Roman Citizenship

The toga was the characteristic garment of the Roman citizen. Roman women (who were not considered citizens) and Non-citizens were not allowed to wear one.It is very difficult to offer meaningful generalities across the entire Roman period, as the nature and availability of citizenship was affected by legislation, for example, the Lex Iulia. In the RomanRepublic and later in the Roman Empire, people resident within the Roman state could very roughly divided into several classes.

Slaves were considered property and had only certain very limited rights as granted by statute. They could essentially be sold, tortured, maimed, raped and killed at the whim of their owners. It was the exceptional feature of ancient Rome that almost all slaves freed by Roman owners (freedman) automatically received Roman citizenship.

The natives who lived in territories conquered by Rome, citizens of Roman client states and Roman allies could be given a limited form of Roman citizenship such as the Latin Right. This amounted essentially to a second-class citizenship within the Roman state. The Latin Right is the most widely known but there were many other of such Rights.

A Roman citizen enjoyed the full range of benefits that flowed from his status. A citizen could, under certain exceptional circumstances, be deprived of his citizenship.

Women were a class apart whose status in Roman society varied tremendously over time. While Roman citizen women would come to enjoy many of the rights accorded to male citizens, Roman women could not vote or stand for office, and were, at least in theory, subject to the almost complete power of their paterfamilias.

the various methods to obtain Roman citizenship:

Roman citizenship was granted automatically to every child born in a legal marriage of a Roman citizen.

People who were from the Latin states were gradually granted citizenship.

The children of freed slaves became citizens.

A Roman legionary could not legally marry, therefore all his children were denied citizenship, unless and until the legionary married their mother after his release from service.

Some individuals received citizenship because of their outstanding service to the Roman republic (later, the empire).

One could also buy citizenship, but at a very high price.

Auxilia were rewarded with Roman citizenship after their term of service. Their children also became citizens and could join the Roman legions.

Rome gradually granted citizenship to whole provinces; the third-century Constitutio Antoniniana granted it to all free male inhabitants of the Empire.

Rights given (please notice that all these rights varied over time)

The right to vote in the Republic.

The right to make legal contracts.

The right to have a lawful marriage.

The right to stand for public office.

The right to sue (and be sued) in the courts.

The right to appeal from the decisions of magistrates.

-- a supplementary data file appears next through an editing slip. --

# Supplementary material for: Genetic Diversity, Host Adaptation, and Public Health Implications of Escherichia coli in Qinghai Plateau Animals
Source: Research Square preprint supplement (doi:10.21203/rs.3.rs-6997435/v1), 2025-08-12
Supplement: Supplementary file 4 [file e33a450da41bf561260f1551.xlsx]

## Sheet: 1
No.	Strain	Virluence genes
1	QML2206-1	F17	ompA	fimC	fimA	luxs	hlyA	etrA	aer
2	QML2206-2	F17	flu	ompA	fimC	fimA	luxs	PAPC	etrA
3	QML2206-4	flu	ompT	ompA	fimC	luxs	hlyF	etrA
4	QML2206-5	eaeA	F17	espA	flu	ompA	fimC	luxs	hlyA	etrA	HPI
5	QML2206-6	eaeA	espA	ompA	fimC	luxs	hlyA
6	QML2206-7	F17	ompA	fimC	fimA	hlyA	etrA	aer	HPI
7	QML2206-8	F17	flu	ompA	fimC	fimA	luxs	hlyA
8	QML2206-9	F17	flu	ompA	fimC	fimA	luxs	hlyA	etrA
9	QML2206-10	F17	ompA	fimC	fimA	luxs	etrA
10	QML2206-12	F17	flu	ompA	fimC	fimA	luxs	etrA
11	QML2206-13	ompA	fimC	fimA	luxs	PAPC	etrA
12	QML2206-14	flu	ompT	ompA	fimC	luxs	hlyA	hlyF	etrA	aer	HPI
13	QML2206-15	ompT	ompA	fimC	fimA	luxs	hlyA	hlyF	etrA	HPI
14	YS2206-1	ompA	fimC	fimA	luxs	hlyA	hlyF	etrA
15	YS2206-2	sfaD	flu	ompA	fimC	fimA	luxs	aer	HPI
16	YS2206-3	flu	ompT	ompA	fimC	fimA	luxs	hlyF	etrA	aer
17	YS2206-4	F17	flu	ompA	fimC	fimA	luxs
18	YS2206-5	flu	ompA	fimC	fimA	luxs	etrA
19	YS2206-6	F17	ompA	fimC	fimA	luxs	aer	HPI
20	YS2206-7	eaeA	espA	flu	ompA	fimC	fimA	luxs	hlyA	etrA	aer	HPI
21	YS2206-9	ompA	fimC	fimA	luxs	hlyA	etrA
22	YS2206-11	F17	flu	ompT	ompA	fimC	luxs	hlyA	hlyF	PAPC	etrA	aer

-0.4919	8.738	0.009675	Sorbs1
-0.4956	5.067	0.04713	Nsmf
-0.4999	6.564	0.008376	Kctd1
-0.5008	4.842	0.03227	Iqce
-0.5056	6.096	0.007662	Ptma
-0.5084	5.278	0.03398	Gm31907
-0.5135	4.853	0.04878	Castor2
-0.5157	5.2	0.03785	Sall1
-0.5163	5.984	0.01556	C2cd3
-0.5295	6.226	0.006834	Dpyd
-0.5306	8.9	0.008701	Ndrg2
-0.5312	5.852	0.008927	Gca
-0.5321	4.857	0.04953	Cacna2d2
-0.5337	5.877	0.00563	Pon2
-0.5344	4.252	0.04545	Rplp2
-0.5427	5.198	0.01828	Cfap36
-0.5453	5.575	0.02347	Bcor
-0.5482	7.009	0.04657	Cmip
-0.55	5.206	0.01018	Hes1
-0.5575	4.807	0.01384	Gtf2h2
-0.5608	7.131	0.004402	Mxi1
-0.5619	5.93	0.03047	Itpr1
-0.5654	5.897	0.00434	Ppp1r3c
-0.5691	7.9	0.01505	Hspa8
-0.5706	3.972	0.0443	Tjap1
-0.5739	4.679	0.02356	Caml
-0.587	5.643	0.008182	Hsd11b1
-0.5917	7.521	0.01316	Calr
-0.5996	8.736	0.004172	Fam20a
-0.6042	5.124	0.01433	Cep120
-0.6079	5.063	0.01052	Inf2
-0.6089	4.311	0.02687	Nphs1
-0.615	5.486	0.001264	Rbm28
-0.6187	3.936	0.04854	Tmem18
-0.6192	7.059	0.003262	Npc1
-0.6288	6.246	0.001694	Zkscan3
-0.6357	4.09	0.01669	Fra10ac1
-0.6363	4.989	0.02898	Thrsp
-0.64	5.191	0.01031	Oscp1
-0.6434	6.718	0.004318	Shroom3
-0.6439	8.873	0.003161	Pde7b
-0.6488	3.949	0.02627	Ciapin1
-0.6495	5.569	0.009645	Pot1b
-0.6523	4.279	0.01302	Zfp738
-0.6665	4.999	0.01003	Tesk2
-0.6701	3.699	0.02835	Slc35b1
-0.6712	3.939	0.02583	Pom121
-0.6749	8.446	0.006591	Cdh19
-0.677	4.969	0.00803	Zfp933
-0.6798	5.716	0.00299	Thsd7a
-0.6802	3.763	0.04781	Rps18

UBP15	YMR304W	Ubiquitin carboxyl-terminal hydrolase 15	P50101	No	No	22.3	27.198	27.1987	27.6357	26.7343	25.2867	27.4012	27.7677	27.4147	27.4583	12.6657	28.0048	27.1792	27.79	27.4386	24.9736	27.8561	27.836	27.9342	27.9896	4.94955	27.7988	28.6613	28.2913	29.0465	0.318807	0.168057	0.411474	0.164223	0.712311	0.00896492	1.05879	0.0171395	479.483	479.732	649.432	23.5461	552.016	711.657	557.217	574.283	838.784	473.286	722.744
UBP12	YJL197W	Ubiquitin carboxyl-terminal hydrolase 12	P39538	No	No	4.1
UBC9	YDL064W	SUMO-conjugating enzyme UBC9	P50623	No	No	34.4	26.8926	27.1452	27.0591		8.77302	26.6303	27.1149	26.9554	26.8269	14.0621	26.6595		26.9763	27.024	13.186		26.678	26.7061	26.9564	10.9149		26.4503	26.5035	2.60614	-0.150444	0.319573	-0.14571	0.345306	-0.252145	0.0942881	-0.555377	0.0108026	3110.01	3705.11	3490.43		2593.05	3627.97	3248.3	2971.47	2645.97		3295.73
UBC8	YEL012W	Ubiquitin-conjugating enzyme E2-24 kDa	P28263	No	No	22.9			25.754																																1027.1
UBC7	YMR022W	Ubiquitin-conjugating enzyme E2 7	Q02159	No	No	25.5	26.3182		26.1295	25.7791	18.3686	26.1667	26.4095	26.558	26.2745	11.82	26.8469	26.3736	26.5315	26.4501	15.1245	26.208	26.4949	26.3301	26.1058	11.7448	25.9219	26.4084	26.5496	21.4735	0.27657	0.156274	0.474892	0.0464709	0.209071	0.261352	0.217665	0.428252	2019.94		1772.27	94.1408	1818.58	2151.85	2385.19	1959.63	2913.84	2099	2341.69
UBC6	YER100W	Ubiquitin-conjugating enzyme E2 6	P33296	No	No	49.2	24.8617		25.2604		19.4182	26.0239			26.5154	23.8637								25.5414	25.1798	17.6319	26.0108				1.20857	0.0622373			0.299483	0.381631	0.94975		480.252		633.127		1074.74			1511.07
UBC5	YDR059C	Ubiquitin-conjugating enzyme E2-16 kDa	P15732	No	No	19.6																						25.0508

The right to have a trial (to appear before a proper court and to defend oneself).

Citizens could not be subjected to torture.

A Roman citizen couldn't be sentenced to death unless he was found guilty of treason. If accused of treason, a Roman citizen had the right to be tried in Rome.

Even if sentenced to death, no Roman citizen could be sentenced to die at the cross. (Despite being found guilty of the same crime, St. Paul and St. Peter faced different fates. St. Paul was beheaded, while St. Peter, not being a Roman citizen, was crucified.).

Roman citizenship was required in order to join the Roman legions, but this was sometimes ignored.

All these rights were (as everywhere down the ages, and even today) sometimes ignored. The definition of the crime "treason" varied largely from time to time.

The governorship of Gaius Verres is perhaps the most blatant example how all these rights could simply be ignored by the State. Apparently, Verres (then governor of Sicilia) being informed that a local Roman citizen would travel to Rome in order to complain about the various abuses (high taxes, and systematic plunder of the entire province) ordered the arrest of the citizen. As the citizen demanded a trial (which he could later appeal and transfer to Rome), Verres denied it under the accusation of treason. Verres later ordered him flogged (torture), then crucified (death). The citizen repeated constantly: "I am a Roman citizen" but no one intervened. When (much later) Verres was prosecuted by Cicero, he simply fled Italy and his friends in the Senate never bothered themselves into ordering his arrest.

The granting of citizenship to the conquered and the allies was a vital step in the process of Romanization. This step was one of the most effective political tools and (at that point in history) original political ideas (perhaps one of the most important reasons for the success of Rome).

Alexander the Great had tried to "mix" his Macedonians and the Persians, Egyptians, Syrians, etc in order to assimilate the people of the conquered Persian Empire, but after his death this policy was largely ignored by his successors.

The idea was to assimilate, to turn a defeated and potentially rebellious enemy (or his sons) into a Roman citizen. Instead having to wait for the unavoidable revolt of a conquered people (a tribe or a city-state) like Sparta and the conquered Helots, Rome made the "known" (conquered) world Roman.

The Social War (in which the Italian allies revolted against Rome) only ended gradually, as Rome granted citizenship to all Italian freemen (with the exception of Gallia Cisalpina)

After 212 AD, all freemen in the Empire were granted citizenship by an imperial edict (the Constitutio Antoniniana) of Emperor Caracalla.

References

"The Complete Roman Army" by Adrian Goldsworthy edited by Thames & Hudson ISBN 0-500-05124-0

Roman citizenship

Retrieved from "http://en.wikipedia.org/wiki/Roman_citizen"